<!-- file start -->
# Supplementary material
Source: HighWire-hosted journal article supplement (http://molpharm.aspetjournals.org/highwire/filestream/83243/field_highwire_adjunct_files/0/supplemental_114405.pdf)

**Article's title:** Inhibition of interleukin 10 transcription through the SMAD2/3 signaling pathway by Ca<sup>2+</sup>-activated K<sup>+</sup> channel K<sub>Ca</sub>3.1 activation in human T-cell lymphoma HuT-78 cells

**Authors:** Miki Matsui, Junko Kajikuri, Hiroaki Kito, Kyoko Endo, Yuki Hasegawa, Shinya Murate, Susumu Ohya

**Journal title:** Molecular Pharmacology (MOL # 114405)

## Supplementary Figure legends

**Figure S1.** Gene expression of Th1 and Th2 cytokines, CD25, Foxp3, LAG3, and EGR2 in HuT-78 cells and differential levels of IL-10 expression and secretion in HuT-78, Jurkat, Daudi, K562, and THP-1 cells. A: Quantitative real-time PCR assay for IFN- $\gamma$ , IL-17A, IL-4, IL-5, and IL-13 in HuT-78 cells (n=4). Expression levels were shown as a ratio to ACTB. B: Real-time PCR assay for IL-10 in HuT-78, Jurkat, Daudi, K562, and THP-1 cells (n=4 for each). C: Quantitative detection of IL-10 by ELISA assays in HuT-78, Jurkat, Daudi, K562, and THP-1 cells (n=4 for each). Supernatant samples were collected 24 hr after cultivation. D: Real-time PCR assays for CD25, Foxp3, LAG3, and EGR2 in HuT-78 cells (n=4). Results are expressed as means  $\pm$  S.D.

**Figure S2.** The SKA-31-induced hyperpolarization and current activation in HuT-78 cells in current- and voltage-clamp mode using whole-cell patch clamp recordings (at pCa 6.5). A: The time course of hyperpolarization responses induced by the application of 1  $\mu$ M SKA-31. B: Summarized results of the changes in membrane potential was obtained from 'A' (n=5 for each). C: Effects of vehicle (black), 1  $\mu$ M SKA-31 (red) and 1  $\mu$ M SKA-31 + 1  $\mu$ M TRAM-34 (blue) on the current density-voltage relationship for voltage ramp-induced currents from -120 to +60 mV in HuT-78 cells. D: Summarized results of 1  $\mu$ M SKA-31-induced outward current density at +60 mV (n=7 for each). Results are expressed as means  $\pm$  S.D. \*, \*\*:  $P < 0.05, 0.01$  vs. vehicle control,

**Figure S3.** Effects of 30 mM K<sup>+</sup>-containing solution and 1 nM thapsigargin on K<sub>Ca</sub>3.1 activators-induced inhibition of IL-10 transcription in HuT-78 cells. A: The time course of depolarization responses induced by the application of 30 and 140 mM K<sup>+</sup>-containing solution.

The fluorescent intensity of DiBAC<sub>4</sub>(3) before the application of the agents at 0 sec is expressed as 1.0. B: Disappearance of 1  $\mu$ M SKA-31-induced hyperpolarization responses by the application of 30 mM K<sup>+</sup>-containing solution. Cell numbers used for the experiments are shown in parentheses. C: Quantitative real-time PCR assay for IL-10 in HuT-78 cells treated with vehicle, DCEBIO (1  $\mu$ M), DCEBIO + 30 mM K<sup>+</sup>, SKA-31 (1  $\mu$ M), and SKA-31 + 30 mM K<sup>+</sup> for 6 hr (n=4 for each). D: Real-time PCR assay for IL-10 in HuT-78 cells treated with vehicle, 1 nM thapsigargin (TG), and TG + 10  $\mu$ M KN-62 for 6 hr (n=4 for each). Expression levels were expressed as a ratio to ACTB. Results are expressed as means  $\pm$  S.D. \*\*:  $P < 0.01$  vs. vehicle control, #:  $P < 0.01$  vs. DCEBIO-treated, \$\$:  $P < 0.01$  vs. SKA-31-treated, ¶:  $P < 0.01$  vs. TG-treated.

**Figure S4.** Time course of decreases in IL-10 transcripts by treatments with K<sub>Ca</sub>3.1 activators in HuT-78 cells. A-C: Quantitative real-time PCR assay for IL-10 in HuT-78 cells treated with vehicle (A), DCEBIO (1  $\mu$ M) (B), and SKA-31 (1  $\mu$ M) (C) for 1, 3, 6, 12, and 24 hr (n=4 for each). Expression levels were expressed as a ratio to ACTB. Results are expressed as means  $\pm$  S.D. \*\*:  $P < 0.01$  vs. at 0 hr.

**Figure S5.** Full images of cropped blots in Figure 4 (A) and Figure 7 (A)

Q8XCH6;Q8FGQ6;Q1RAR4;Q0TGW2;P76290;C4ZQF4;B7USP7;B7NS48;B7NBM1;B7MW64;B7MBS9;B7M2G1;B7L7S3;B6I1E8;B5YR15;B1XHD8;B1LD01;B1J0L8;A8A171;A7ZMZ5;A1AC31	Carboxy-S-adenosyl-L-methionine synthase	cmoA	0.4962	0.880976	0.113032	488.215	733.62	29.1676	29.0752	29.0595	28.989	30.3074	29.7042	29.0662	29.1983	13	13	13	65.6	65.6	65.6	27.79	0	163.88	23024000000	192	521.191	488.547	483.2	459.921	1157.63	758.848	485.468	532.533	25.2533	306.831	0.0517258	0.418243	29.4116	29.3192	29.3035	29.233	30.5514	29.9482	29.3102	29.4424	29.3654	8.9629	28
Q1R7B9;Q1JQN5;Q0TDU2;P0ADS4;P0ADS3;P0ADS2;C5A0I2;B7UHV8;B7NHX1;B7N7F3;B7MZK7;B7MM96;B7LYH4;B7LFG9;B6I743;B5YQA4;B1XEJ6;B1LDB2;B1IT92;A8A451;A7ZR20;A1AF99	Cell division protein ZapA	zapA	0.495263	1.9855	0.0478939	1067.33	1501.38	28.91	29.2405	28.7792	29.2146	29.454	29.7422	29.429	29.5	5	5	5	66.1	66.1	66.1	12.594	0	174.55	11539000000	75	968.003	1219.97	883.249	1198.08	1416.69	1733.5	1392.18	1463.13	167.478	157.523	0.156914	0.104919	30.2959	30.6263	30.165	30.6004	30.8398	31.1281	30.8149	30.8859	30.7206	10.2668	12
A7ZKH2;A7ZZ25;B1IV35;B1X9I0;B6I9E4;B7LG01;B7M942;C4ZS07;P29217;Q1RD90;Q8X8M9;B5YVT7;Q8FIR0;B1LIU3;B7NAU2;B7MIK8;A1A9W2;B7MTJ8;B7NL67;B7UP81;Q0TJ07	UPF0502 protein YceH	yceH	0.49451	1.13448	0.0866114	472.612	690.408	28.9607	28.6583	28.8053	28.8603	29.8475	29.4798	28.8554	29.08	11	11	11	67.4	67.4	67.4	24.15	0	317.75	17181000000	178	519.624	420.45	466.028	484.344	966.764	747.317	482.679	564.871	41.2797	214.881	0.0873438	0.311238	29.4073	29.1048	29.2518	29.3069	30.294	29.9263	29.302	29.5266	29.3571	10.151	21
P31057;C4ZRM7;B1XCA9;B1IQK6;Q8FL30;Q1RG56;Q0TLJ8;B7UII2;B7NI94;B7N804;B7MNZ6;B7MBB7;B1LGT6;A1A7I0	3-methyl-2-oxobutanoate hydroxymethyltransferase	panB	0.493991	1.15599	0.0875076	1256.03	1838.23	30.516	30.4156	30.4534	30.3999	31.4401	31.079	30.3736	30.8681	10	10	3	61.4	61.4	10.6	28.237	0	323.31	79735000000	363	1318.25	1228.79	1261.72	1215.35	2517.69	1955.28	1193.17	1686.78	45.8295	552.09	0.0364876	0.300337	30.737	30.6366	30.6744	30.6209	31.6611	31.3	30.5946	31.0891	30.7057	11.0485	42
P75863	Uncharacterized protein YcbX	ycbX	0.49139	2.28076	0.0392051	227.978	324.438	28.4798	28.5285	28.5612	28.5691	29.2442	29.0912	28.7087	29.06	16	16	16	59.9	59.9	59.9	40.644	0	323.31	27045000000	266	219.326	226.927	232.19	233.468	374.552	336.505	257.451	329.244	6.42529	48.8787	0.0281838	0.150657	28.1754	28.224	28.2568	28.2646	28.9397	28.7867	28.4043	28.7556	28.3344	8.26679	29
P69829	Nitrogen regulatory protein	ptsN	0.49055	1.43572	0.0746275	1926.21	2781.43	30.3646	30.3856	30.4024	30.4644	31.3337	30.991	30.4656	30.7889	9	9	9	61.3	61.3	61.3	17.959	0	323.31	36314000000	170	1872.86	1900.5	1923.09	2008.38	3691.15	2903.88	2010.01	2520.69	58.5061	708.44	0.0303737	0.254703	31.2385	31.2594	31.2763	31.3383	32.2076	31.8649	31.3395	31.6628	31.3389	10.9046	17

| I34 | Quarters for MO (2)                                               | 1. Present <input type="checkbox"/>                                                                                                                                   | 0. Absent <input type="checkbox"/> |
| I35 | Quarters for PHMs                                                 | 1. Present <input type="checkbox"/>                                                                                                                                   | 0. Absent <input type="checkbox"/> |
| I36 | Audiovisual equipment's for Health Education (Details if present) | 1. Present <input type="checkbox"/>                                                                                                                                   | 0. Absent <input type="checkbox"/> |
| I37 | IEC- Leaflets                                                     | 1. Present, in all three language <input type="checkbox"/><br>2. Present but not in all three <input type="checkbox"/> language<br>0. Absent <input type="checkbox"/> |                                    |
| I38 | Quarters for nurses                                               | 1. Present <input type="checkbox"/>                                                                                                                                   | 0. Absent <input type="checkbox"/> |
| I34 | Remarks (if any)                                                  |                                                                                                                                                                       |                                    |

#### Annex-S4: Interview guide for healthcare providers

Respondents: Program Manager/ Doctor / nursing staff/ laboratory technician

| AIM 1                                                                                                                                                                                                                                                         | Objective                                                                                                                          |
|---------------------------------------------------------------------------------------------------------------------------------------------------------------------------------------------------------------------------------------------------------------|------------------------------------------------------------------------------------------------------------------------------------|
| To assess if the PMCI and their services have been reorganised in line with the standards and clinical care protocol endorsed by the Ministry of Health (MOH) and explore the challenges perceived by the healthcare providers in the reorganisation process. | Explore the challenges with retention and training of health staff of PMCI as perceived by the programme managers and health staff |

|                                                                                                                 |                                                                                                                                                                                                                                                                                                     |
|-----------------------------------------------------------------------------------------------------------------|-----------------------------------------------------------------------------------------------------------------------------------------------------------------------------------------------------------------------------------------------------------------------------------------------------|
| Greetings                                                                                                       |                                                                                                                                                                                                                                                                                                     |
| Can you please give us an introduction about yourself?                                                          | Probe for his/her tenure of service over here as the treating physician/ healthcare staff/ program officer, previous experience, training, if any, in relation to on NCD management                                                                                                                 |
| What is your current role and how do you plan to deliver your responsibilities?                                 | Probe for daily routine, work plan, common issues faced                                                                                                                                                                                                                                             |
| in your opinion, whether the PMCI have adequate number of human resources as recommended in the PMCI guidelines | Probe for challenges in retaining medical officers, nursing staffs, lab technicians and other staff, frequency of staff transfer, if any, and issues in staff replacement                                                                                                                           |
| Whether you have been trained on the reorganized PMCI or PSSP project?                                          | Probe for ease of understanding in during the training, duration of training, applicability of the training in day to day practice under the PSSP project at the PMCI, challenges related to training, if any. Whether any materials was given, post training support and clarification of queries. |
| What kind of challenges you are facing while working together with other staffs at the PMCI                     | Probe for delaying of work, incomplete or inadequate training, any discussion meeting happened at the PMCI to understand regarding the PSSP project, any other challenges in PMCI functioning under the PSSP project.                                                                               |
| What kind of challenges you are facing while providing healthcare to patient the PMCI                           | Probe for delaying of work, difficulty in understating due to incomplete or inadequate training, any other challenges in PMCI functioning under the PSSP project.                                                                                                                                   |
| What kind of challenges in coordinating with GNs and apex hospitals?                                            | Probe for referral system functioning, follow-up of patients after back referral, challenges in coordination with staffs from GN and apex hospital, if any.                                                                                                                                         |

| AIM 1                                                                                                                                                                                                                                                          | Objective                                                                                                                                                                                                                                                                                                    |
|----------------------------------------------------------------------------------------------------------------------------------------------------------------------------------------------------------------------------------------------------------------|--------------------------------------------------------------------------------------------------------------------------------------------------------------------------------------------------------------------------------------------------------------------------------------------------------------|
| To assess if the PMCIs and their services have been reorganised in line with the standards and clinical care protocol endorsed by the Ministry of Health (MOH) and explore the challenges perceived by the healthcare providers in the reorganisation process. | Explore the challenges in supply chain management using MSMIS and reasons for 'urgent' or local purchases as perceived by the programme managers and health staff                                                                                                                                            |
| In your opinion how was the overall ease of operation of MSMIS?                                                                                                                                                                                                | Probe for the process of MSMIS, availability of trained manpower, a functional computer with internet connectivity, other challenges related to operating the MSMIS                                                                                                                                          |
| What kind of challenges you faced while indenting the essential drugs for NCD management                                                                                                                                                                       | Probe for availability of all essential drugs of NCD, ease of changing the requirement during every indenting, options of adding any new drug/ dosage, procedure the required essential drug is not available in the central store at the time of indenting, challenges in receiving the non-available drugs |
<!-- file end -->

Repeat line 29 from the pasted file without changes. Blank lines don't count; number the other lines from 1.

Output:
| To assess if the PMCI and their services have been reorganised in line with the standards and clinical care protocol endorsed by the Ministry of Health (MOH) and explore the challenges perceived by the healthcare providers in the reorganisation process. | Explore the challenges with retention and training of health staff of PMCI as perceived by the programme managers and health staff |